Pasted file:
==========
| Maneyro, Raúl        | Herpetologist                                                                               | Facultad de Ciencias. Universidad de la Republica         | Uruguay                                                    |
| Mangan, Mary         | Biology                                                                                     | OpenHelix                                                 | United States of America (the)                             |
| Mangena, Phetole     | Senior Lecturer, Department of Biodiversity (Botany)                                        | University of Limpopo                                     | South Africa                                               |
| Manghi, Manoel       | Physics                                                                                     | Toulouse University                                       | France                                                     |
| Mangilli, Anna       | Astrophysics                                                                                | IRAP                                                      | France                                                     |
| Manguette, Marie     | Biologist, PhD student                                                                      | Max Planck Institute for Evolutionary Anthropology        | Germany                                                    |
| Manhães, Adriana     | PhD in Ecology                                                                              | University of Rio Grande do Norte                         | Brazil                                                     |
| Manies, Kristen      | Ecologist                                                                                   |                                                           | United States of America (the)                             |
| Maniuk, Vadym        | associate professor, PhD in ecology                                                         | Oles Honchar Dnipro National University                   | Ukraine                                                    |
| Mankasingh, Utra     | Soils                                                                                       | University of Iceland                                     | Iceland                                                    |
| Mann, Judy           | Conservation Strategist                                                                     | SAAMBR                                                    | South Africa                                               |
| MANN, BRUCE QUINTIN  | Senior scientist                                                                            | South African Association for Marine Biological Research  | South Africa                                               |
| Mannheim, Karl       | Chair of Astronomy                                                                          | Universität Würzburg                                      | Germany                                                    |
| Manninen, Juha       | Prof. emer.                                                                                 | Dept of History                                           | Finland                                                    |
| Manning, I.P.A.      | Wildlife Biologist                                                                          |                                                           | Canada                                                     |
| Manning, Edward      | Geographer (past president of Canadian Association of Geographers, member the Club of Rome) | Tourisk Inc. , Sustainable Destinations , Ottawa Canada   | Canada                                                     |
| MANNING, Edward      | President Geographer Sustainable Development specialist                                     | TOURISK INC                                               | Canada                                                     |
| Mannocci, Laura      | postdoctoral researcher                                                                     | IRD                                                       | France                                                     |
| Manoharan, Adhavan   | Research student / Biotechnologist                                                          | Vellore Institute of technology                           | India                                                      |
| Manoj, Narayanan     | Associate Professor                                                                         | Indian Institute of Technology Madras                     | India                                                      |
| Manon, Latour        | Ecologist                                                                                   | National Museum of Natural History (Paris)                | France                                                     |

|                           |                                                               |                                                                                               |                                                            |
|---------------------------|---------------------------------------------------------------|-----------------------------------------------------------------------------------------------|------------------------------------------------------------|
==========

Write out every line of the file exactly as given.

| Maneyro, Raúl        | Herpetologist                                                                               | Facultad de Ciencias. Universidad de la Republica         | Uruguay                                                    |
| Mangan, Mary         | Biology                                                                                     | OpenHelix                                                 | United States of America (the)                             |
| Mangena, Phetole     | Senior Lecturer, Department of Biodiversity (Botany)                                        | University of Limpopo                                     | South Africa                                               |
| Manghi, Manoel       | Physics                                                                                     | Toulouse University                                       | France                                                     |
| Mangilli, Anna       | Astrophysics                                                                                | IRAP                                                      | France                                                     |
| Manguette, Marie     | Biologist, PhD student                                                                      | Max Planck Institute for Evolutionary Anthropology        | Germany                                                    |
| Manhães, Adriana     | PhD in Ecology                                                                              | University of Rio Grande do Norte                         | Brazil                                                     |
| Manies, Kristen      | Ecologist                                                                                   |                                                           | United States of America (the)                             |
| Maniuk, Vadym        | associate professor, PhD in ecology                                                         | Oles Honchar Dnipro National University                   | Ukraine                                                    |
| Mankasingh, Utra     | Soils                                                                                       | University of Iceland                                     | Iceland                                                    |
| Mann, Judy           | Conservation Strategist                                                                     | SAAMBR                                                    | South Africa                                               |
| MANN, BRUCE QUINTIN  | Senior scientist                                                                            | South African Association for Marine Biological Research  | South Africa                                               |
| Mannheim, Karl       | Chair of Astronomy                                                                          | Universität Würzburg                                      | Germany                                                    |
| Manninen, Juha       | Prof. emer.                                                                                 | Dept of History                                           | Finland                                                    |
| Manning, I.P.A.      | Wildlife Biologist                                                                          |                                                           | Canada                                                     |
| Manning, Edward      | Geographer (past president of Canadian Association of Geographers, member the Club of Rome) | Tourisk Inc. , Sustainable Destinations , Ottawa Canada   | Canada                                                     |
| MANNING, Edward      | President Geographer Sustainable Development specialist                                     | TOURISK INC                                               | Canada                                                     |
| Mannocci, Laura      | postdoctoral researcher                                                                     | IRD                                                       | France                                                     |
| Manoharan, Adhavan   | Research student / Biotechnologist                                                          | Vellore Institute of technology                           | India                                                      |
| Manoj, Narayanan     | Associate Professor                                                                         | Indian Institute of Technology Madras                     | India                                                      |
| Manon, Latour        | Ecologist                                                                                   | National Museum of Natural History (Paris)                | France                                                     |

|                           |                                                               |                                                                                               |                                                            |
|---------------------------|---------------------------------------------------------------|-----------------------------------------------------------------------------------------------|------------------------------------------------------------|